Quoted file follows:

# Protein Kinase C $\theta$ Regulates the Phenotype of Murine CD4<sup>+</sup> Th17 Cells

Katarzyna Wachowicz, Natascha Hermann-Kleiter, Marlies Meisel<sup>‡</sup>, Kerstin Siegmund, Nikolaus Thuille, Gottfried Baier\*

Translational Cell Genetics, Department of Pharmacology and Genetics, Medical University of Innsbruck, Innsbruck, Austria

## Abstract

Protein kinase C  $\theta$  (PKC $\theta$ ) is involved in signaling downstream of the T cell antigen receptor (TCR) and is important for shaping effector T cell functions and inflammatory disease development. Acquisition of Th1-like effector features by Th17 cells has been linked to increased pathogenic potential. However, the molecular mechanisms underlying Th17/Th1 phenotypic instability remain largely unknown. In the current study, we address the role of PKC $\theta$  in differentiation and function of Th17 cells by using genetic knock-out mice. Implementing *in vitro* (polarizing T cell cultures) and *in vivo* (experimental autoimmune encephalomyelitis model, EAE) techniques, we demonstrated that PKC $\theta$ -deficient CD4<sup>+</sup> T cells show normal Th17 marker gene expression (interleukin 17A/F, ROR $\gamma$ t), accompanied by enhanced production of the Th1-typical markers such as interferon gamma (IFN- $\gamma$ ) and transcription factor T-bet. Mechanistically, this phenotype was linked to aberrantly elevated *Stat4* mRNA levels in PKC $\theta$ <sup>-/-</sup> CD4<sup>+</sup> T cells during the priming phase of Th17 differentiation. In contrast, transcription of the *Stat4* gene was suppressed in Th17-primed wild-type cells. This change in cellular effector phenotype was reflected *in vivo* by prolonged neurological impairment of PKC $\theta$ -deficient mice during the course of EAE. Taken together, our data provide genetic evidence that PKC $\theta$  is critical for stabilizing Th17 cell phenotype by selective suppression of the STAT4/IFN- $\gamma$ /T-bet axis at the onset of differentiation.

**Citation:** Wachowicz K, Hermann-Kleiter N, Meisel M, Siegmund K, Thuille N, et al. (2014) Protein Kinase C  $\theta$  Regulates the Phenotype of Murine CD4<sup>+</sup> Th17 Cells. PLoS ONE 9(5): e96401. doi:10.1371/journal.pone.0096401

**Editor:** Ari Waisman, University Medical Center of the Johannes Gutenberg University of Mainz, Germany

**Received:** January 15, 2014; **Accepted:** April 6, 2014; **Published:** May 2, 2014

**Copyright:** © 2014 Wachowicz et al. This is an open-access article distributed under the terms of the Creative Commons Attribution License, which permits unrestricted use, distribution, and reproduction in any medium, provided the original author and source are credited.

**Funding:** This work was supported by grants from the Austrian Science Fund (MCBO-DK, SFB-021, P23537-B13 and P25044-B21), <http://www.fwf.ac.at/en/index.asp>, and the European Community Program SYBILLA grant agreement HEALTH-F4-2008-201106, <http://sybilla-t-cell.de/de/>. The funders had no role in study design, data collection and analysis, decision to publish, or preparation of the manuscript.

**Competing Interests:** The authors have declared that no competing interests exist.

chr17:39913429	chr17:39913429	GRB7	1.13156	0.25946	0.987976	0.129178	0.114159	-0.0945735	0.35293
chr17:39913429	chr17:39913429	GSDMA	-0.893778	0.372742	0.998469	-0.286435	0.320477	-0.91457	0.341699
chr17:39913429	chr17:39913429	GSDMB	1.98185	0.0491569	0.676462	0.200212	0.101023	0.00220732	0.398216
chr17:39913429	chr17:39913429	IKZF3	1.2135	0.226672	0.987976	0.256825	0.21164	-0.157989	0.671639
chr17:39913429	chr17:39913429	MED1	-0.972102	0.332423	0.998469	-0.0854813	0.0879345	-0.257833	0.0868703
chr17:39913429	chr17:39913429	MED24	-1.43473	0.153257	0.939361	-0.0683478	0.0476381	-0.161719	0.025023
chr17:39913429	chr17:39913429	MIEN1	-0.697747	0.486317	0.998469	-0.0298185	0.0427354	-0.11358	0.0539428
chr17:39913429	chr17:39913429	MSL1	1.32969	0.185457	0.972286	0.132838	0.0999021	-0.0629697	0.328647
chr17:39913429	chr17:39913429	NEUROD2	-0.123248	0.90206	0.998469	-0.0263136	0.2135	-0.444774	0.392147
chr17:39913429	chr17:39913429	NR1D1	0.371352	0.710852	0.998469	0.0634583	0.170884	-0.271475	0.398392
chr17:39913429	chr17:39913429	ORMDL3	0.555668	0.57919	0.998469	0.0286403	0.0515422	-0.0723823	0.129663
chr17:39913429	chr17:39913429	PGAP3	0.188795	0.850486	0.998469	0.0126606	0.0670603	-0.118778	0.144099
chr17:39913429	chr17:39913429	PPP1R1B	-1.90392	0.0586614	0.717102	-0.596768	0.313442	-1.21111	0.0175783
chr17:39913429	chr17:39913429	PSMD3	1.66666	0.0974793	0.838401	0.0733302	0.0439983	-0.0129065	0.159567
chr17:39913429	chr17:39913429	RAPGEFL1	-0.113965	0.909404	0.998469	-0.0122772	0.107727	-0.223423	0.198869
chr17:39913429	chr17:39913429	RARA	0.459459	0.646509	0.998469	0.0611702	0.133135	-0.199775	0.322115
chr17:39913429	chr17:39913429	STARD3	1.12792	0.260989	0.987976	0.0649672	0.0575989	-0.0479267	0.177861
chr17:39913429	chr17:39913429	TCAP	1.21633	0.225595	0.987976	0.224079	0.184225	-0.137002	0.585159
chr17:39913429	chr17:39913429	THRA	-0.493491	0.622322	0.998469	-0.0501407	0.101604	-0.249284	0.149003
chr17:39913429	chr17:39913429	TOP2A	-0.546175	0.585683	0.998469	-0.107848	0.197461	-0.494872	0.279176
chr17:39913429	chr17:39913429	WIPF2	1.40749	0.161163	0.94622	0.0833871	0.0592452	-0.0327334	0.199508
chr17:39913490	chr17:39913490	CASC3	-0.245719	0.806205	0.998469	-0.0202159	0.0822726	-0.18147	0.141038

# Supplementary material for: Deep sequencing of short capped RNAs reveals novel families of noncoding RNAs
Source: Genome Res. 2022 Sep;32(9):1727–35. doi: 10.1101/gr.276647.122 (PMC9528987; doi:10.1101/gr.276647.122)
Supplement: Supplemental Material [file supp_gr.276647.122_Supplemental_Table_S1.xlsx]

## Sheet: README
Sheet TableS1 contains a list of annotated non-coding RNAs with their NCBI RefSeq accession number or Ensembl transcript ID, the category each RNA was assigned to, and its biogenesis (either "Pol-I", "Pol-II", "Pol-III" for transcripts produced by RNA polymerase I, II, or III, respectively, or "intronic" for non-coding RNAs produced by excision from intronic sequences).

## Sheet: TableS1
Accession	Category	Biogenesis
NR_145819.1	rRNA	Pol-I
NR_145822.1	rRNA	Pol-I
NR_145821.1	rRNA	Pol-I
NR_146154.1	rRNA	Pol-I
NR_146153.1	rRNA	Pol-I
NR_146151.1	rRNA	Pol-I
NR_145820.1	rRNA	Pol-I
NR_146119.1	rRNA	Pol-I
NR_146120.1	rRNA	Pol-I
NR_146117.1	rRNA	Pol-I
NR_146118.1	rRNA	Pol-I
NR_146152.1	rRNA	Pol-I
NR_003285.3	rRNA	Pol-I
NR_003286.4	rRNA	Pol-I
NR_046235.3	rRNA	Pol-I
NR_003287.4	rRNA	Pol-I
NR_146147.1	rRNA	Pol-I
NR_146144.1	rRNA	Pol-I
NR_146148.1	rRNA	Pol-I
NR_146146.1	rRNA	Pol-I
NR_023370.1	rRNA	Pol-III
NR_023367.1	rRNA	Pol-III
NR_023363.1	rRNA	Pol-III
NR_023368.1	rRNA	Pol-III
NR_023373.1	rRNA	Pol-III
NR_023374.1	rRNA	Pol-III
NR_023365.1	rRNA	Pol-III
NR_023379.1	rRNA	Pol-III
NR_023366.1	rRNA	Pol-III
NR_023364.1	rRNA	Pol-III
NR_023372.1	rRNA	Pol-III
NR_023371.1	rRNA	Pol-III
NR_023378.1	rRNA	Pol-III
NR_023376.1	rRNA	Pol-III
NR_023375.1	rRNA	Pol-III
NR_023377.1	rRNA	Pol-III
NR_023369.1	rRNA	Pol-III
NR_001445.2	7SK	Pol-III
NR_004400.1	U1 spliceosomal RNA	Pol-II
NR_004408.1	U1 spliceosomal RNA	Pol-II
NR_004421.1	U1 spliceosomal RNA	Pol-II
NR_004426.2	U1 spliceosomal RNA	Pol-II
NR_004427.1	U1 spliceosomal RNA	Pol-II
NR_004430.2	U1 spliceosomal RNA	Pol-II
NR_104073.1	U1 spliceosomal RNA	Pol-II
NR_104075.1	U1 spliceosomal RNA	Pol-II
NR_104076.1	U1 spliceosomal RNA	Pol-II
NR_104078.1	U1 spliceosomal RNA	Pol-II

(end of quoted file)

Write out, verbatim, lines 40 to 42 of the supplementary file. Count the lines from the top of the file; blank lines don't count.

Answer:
Accession	Category	Biogenesis
NR_145819.1	rRNA	Pol-I
NR_145822.1	rRNA	Pol-I